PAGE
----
The UK press is on trial for its freedom…
… and the tabloids have already been found guilty by Lord Justice Leveson’s inquiry/inquisition.
The Leveson Inquiry, set up by the UK government in the wake of the phone-hacking scandal, has just begun and is not due to report until late 2012. After the very first day’s proceedings, however, the result of the judicial inquisition led by Lord Justice Leveson already seems clear enough.
Behind the charade of neutrality, the British press is on trial for its freedom here. And the verdict is in: the tabloid press in particular has already been found guilty. Only the precise sentence remains to be decided.
Why else would Tory prime minister David Cameron, with all-party support, have ordered a judge-led inquiry not only to look into the phone-hacking cases but to scrutinise the entire ‘culture, practice and ethics’ of the UK press? It seems unlikely he expects it to conclude by praising the sophisticated culture, sound practice and high-minded ethics of the media. The rest of the tabloid press might avoid the death sentence already imposed on the News of the World. But it seems set to take a punitive beating and be subject to supervision orders.
The headlines this week are once again all about the extent of phone-hacking practised at Rupert Murdoch’s News of the World and possibly other papers. But it has been clear all along that this circus is about far more than that. Of course the interception of murdered teenager Milly Dowler’s voicemail was indefensible, which is why nobody has ever tried to defend it. It was an extreme symptom of a degenerative strain in British journalism, the shift from investigation to voyeurism. As such it should prompt journalists to look at themselves, while the police look into any criminal aspects.
Instead, the voicemail hacking of the high-profile victims and celebrities has been turned into a pretext for the authorities to interrogate the entire press, using the Dowler family along with the likes of Madeleine McCann’s parents as emotive human shields behind which they can advance their crusade to ‘clean up’ the media industry. It was explained this week that part two of the inquiry, looking into the broader culture and ethics of the media, would unfortunately have to precede part one, examining phone-hacking in detail, because too many of those allegations are still the subject of criminal investigations. In fact this turnaround inadvertently confirms the real priority behind the Leveson inquiry – to put the press, rather than some hackers and their backers, in the dock.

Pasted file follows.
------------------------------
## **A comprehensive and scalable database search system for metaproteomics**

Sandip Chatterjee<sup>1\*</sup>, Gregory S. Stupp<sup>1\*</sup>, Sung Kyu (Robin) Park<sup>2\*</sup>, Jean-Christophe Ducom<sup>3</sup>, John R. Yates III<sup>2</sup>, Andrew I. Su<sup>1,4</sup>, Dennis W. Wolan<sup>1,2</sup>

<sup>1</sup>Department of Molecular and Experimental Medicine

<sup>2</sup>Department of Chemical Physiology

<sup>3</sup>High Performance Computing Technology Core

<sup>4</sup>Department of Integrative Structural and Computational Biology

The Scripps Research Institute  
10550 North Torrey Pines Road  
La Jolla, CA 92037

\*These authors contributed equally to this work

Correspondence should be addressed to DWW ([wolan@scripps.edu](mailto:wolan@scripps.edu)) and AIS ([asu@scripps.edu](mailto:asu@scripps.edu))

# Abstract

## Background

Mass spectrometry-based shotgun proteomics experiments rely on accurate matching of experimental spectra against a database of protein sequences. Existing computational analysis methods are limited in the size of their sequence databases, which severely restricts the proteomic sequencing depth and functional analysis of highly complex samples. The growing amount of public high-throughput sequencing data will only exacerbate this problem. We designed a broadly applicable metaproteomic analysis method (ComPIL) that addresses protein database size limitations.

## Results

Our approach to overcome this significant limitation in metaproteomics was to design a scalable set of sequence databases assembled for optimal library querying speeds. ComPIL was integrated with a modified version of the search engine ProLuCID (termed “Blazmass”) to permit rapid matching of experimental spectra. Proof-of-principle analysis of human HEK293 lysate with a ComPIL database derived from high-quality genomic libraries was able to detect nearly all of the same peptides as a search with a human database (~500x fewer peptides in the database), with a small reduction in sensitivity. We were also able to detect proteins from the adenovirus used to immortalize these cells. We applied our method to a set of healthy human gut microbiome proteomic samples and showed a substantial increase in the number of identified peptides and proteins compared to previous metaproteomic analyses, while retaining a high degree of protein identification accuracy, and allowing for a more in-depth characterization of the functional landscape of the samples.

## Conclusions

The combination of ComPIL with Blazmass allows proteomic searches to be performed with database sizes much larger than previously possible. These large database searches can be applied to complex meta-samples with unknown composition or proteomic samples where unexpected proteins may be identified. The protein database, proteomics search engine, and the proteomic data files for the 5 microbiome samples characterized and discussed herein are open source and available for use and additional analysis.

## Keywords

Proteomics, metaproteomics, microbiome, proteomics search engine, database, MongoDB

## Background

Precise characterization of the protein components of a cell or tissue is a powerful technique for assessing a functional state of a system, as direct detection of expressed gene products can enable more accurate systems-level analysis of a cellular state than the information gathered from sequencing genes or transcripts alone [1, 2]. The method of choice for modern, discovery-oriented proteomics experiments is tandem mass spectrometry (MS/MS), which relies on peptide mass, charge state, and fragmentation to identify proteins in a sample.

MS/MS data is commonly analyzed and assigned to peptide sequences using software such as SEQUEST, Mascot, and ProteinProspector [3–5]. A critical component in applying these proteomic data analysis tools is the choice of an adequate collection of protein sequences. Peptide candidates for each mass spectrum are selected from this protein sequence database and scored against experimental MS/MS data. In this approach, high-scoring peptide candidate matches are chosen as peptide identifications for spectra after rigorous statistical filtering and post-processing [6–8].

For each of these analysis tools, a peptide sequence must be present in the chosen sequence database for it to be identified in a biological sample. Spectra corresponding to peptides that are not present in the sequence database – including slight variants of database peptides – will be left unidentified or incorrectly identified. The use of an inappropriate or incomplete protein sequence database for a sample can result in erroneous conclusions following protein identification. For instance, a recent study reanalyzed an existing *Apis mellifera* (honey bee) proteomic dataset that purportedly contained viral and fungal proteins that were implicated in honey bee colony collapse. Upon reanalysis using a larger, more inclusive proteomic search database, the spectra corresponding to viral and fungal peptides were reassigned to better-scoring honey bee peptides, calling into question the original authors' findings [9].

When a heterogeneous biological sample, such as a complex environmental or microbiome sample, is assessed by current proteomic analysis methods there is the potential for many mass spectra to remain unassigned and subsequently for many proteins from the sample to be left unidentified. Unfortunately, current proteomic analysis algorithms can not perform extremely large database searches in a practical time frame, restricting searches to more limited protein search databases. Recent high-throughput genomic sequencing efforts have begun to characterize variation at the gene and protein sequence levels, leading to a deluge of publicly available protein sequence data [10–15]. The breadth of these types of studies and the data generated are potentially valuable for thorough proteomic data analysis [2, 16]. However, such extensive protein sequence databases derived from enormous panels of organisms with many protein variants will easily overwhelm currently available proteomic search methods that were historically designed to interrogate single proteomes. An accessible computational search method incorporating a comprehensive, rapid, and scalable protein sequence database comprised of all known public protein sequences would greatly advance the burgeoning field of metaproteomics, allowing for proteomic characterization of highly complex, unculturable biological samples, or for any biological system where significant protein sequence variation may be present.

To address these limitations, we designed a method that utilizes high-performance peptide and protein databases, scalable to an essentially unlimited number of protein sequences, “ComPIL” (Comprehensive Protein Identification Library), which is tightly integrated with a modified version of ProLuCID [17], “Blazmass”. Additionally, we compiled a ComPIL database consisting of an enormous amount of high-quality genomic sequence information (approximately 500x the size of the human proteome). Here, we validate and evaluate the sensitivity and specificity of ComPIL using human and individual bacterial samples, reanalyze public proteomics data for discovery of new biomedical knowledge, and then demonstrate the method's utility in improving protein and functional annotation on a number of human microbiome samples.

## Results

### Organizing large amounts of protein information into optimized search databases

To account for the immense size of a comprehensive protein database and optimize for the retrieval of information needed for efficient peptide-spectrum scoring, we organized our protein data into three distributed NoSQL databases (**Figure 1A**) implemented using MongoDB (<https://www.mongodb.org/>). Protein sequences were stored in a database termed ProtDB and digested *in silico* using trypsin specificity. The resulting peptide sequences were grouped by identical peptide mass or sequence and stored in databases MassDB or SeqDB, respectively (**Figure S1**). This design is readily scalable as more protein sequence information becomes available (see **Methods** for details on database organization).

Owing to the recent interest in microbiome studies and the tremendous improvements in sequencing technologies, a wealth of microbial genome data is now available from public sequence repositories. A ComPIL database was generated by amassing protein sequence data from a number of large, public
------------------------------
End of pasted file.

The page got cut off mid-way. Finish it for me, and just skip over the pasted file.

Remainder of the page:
For instance, as Robert Jay, the smug-sounding QC acting as counsel to the inquiry, laid out in his opening remarks, they will not confine their investigation to phone-hacking but will also examine any other ‘illegal and unethical’ practices used to obtain stories, from subterfuge to blagging. Yet these are all the tools of investigative journalism, used by reporters who often have to sail close to the wind to uncover truths that somebody does not want to see revealed. I always recall the words of William Randolph Hearst, a US press baron and the Rupert Murdoch of his day, who defined news as ‘something somebody doesn’t want printed; all else is advertising’. Underhand methods, possibly including rooting through somebody’s bins and voicemails, are often the only way for the media to get answers others would rather not give.